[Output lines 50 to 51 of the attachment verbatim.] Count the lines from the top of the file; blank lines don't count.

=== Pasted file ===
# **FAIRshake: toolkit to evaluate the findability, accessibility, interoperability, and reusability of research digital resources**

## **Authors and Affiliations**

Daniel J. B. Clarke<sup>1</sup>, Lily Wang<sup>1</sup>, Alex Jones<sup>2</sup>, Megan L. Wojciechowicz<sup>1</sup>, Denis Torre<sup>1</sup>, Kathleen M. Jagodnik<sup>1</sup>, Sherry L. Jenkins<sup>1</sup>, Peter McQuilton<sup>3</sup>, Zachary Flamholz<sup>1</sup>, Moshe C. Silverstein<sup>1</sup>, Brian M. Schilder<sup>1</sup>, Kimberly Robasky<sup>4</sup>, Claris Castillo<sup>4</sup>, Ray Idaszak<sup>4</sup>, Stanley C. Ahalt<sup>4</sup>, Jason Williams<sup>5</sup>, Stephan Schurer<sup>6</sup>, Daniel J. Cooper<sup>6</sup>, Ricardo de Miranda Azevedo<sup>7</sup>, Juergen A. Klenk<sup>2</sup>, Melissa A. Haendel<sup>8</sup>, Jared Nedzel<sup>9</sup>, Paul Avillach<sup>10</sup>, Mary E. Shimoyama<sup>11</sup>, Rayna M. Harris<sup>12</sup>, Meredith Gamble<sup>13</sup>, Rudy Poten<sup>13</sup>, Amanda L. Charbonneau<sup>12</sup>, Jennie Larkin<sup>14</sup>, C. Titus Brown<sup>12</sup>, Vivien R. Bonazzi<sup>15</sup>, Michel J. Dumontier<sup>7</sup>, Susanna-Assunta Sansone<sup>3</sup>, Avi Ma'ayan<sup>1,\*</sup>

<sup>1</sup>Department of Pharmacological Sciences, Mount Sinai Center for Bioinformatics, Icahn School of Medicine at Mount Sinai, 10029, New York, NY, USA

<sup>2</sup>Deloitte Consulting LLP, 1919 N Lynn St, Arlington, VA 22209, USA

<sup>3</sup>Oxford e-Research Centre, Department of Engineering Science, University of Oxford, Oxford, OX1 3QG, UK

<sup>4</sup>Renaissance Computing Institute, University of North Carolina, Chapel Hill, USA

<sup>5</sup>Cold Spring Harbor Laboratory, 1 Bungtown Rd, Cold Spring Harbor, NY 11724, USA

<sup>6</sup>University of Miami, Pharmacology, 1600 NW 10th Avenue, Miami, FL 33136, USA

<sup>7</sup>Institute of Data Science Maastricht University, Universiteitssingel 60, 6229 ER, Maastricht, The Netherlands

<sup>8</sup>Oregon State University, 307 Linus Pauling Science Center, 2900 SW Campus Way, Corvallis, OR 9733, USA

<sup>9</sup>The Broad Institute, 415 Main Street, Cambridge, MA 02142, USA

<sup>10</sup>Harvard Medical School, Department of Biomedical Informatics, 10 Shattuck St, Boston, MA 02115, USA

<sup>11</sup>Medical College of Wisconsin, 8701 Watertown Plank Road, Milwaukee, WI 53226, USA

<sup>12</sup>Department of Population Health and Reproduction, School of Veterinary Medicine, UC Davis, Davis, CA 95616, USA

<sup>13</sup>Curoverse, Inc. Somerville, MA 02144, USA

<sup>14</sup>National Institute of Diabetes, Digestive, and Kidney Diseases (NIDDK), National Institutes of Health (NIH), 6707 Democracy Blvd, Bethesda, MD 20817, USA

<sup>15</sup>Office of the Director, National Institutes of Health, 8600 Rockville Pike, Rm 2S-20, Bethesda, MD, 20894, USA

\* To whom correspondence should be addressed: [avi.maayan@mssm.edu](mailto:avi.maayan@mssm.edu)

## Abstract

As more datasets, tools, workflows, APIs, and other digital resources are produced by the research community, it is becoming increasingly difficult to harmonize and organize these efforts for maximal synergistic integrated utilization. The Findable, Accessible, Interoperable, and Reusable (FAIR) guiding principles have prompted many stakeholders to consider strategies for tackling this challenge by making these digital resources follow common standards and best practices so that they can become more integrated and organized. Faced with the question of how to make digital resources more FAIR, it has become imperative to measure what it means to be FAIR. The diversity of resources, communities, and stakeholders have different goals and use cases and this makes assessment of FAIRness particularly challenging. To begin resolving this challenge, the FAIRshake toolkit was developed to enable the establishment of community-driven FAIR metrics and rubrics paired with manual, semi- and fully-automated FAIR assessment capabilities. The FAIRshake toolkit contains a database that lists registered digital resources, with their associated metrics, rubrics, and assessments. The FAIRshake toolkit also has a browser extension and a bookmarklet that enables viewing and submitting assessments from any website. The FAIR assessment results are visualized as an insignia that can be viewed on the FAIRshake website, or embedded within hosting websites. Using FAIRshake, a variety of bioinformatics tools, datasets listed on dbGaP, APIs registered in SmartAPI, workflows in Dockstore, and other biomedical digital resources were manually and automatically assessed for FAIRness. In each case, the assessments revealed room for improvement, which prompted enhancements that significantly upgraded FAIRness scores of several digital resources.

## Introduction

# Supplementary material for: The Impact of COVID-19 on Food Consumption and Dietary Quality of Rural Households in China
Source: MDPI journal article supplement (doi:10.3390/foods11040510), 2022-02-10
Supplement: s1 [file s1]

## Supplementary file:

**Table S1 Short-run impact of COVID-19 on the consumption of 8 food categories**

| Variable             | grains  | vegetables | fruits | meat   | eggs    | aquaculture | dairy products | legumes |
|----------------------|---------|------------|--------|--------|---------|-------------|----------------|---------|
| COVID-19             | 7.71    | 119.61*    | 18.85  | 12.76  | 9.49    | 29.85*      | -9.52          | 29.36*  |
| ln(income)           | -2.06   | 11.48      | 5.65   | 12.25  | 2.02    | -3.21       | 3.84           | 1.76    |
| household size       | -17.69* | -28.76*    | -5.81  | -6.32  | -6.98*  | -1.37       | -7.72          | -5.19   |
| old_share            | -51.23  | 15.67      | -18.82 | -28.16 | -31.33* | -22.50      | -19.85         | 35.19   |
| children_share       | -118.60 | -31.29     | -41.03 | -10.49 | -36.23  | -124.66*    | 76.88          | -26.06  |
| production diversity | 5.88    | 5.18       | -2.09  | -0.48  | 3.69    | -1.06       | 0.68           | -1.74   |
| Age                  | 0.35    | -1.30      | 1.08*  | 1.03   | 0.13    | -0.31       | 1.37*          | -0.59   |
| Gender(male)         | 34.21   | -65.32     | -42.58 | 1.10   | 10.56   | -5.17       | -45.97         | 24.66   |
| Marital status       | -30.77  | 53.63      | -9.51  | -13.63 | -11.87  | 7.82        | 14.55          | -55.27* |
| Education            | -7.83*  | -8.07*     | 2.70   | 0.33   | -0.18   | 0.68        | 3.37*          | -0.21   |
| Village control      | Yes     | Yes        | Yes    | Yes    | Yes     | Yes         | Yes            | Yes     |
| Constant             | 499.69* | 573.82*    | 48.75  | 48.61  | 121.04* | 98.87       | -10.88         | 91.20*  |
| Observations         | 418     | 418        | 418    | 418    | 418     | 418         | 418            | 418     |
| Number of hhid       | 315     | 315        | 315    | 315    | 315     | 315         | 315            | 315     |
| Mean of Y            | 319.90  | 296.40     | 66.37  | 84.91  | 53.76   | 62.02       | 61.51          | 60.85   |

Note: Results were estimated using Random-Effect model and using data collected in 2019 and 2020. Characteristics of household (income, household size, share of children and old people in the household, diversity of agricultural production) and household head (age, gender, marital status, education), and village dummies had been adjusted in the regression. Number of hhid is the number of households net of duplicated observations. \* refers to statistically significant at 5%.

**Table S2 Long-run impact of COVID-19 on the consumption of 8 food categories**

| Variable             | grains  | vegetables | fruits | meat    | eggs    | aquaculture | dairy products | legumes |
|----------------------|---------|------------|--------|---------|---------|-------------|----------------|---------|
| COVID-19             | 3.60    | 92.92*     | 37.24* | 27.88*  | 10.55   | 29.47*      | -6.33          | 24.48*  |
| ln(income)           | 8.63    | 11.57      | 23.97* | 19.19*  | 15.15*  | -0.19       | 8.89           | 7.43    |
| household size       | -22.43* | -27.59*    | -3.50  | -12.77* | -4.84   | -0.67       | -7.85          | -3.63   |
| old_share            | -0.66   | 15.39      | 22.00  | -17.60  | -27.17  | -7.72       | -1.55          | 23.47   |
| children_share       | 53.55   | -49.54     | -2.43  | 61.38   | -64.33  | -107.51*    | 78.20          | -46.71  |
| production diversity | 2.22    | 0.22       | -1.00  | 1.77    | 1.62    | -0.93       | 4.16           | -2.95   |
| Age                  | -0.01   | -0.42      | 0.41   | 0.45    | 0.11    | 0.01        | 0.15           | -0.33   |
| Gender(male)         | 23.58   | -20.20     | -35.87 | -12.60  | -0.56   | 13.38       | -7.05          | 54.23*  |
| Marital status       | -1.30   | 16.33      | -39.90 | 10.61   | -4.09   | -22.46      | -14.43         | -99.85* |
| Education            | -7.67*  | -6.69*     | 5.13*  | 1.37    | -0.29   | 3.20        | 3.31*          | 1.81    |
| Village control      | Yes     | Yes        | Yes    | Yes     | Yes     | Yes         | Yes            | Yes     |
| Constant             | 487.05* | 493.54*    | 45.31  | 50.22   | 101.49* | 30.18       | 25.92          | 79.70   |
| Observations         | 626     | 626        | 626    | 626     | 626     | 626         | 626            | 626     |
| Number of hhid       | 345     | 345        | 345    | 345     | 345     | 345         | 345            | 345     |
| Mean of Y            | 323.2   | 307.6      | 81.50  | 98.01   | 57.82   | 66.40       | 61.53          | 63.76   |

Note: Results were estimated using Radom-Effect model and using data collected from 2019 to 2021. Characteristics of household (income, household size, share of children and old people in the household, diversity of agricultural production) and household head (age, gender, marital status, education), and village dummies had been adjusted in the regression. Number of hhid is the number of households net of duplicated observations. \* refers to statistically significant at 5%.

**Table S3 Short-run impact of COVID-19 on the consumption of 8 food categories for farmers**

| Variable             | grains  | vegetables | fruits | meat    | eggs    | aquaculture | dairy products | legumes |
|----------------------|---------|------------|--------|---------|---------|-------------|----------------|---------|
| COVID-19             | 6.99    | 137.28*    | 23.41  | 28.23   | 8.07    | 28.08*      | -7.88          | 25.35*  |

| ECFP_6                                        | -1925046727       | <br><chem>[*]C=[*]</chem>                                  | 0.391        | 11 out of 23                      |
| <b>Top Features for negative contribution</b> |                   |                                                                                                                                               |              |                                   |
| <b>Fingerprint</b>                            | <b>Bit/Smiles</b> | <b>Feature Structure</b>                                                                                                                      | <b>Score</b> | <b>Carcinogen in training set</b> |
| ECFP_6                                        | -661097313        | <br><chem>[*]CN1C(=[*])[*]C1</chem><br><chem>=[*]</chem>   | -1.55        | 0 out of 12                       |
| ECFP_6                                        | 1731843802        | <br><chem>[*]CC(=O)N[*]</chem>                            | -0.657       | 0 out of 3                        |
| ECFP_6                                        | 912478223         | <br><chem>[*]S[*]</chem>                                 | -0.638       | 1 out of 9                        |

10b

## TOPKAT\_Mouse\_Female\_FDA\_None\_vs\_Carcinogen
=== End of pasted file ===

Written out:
| ln(income)           | 8.63    | 11.57      | 23.97* | 19.19*  | 15.15*  | -0.19       | 8.89           | 7.43    |
| household size       | -22.43* | -27.59*    | -3.50  | -12.77* | -4.84   | -0.67       | -7.85          | -3.63   |